by Damien Morris on 8th August 2021 at 12:00 pm (Sony)Stunning verses propelled by intricate production elevate the west London rapper’s second album this year Marvin “Fredo” Bailey has always made much of his west London roots, so it’s jarring to find that he’s named his second album of the year after an American holiday. No matter. Independence Day is as English as EastEnders, but what was once soap is now opera. Fredo’s gruff truculence is supersized, given widescreen swagger by the propulsive production, a dense lattice of piano, strings and subtle samples. Always articulate and intelligent, the word cloud hovering over his busy brain has barely changed since his early mixtapes. Prison. “Opps” (enemies) trying to drag him down. Drugs. Money, and the creeping paranoia that comes with it. Women – rarely to be trusted, even if they gave birth to you.Predictable enough, yet so persuasive in Fredo’s relentless, rolling thunder flow. “I don’t write songs in English, they’re written in pain,” he raps, and you believe it. Some verses, particularly on Freestyle and Talk of the Town, are stunning, approaching the heights of Mercury-winning mate and Funky Friday collaborator Dave. Fredo may not yet be the GOAT (greatest of all time) for storytelling, but with his dark wit and wordplay, he’s now grazing in the same field. Continue reading…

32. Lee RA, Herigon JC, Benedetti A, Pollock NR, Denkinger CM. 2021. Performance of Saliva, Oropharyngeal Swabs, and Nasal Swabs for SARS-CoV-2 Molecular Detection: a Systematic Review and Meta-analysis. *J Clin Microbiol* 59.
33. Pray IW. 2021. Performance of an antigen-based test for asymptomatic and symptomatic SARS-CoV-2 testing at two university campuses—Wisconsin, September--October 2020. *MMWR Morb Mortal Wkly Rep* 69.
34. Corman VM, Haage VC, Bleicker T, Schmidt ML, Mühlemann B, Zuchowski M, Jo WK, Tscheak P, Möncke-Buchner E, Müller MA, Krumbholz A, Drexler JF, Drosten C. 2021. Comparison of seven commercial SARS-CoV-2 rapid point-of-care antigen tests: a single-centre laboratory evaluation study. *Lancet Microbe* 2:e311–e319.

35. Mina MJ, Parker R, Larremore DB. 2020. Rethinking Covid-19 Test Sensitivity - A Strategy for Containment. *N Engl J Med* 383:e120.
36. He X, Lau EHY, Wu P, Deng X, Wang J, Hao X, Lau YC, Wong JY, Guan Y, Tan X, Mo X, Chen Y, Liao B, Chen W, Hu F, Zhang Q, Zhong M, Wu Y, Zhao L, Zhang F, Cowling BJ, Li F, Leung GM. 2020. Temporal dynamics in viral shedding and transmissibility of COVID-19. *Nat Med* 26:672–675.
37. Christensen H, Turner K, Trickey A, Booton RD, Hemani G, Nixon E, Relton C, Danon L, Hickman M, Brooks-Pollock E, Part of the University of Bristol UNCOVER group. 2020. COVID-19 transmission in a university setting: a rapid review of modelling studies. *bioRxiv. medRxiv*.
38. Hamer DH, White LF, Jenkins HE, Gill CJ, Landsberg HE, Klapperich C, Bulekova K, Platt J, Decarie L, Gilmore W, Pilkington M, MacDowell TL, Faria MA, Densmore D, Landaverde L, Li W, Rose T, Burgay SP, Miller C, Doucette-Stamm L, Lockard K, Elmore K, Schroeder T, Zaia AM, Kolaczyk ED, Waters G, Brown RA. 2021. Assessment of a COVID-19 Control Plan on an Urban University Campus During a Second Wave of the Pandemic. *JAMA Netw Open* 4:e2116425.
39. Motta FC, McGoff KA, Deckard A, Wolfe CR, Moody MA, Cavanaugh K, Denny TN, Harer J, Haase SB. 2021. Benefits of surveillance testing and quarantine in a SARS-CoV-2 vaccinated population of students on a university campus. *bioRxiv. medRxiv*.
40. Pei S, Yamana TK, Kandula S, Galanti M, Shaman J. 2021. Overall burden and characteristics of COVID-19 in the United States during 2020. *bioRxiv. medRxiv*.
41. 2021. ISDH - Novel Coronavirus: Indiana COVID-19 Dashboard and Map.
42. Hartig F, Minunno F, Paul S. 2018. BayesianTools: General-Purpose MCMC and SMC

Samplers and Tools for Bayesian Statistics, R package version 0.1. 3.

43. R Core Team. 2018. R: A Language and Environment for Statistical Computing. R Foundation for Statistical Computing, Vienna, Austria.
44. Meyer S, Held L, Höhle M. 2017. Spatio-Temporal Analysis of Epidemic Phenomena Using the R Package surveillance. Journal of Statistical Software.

Ider: Shame review – another classy deep dive